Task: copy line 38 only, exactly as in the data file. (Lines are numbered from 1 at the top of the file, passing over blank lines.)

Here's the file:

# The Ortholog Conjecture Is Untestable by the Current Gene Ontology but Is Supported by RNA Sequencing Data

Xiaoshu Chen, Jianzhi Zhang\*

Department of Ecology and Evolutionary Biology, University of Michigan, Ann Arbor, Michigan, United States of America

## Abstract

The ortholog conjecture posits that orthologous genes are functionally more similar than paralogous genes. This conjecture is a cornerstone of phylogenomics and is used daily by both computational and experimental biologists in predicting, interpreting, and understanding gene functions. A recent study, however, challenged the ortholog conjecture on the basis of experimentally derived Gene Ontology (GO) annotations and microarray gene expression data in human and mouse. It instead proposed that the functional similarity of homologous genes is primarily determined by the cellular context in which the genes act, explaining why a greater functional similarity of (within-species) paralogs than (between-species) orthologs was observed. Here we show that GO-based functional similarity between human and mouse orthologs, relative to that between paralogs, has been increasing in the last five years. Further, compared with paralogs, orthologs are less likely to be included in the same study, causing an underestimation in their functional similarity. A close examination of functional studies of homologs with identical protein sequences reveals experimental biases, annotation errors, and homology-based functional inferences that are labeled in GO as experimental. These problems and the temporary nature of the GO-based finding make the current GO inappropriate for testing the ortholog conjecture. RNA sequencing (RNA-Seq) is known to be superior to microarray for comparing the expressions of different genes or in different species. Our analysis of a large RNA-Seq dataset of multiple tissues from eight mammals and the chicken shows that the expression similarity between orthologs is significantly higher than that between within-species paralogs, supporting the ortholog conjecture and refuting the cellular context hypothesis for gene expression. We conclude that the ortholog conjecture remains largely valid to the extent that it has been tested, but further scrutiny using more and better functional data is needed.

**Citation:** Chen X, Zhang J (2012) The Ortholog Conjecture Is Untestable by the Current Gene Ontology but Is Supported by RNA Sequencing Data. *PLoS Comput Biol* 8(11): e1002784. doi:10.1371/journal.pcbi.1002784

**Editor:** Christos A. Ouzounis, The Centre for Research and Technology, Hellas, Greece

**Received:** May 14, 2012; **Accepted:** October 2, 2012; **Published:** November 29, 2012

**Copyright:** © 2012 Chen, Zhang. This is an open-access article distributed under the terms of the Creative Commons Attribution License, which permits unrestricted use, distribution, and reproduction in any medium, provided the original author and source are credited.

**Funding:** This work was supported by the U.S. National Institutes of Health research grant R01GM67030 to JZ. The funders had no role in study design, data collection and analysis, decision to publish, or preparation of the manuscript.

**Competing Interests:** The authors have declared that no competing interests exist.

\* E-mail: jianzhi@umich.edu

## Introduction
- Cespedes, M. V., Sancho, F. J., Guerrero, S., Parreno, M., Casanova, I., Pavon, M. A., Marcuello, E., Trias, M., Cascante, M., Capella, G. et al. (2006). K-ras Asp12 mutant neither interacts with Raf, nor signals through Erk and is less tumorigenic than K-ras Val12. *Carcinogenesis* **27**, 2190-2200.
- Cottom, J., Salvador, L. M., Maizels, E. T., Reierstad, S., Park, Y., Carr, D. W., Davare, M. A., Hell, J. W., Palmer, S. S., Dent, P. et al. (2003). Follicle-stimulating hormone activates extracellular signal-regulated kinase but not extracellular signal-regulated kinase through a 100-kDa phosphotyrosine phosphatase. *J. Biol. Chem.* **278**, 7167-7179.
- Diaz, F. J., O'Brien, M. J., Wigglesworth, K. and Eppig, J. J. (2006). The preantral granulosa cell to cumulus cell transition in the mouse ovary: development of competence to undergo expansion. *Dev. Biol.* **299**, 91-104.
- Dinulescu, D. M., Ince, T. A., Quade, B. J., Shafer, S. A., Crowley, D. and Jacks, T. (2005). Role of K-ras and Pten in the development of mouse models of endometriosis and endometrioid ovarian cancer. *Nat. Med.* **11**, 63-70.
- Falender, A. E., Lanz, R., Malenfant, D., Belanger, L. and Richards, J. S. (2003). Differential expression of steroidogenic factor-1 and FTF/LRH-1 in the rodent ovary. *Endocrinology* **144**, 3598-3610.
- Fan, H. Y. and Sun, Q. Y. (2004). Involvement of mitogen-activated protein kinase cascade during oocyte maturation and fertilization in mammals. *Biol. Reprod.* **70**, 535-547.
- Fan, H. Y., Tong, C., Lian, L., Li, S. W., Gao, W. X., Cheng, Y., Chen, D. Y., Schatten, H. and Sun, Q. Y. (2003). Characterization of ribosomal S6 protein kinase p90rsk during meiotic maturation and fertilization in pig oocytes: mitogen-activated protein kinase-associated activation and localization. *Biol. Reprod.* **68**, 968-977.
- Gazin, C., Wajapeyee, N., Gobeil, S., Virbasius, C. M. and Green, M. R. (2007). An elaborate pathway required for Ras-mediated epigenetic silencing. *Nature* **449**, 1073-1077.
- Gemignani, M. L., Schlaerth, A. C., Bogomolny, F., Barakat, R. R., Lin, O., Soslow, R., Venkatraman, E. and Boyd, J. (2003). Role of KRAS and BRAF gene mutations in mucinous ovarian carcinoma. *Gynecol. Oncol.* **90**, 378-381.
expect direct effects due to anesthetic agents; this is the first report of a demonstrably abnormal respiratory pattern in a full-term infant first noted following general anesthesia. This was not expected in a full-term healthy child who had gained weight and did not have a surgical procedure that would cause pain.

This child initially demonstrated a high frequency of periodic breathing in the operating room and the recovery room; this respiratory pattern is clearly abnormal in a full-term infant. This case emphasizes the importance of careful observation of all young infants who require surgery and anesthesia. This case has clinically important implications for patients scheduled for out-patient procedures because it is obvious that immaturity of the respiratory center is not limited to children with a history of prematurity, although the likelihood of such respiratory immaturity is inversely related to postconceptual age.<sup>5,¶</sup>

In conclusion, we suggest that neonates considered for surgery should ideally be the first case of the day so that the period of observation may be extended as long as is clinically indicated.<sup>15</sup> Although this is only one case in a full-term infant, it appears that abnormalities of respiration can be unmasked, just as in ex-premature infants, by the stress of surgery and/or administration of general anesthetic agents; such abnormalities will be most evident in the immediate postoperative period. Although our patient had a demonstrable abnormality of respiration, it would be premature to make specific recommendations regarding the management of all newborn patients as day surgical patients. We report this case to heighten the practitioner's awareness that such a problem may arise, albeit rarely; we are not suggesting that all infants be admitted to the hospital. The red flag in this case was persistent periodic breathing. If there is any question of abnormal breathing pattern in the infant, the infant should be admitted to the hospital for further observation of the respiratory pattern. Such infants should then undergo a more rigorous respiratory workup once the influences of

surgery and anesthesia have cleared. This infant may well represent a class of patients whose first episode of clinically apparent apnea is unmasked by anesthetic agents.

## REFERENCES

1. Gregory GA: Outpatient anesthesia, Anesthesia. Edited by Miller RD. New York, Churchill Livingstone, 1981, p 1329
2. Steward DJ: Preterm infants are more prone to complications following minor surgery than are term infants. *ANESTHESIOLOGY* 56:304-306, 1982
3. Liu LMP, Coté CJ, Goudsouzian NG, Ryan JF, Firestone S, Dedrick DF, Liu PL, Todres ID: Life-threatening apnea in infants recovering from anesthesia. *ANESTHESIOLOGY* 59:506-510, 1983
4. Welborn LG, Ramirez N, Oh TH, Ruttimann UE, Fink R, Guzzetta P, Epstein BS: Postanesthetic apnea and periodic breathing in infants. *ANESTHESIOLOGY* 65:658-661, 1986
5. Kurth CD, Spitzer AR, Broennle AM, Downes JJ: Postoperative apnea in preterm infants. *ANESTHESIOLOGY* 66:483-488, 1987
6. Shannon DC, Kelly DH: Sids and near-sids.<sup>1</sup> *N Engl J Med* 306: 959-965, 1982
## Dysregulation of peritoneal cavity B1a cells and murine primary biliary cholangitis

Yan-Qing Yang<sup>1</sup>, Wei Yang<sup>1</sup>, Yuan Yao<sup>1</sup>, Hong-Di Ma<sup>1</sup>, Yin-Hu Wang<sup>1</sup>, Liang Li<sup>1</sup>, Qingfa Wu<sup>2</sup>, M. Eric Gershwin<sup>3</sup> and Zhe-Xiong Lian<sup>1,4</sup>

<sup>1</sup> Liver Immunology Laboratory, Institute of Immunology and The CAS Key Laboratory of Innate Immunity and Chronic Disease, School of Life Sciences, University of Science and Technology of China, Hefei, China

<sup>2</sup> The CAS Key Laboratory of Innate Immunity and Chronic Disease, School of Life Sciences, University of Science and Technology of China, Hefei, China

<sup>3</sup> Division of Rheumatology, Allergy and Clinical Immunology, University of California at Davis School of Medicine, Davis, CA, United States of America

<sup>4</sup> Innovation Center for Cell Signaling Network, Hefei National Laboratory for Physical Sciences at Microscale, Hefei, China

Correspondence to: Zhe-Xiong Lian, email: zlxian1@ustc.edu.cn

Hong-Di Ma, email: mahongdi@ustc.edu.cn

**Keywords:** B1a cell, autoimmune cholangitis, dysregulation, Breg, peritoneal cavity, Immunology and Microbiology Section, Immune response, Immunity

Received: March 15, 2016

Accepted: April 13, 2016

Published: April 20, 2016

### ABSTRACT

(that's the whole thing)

<sup>3</sup> Division of Rheumatology, Allergy and Clinical Immunology, University of California at Davis School of Medicine, Davis, CA, United States of America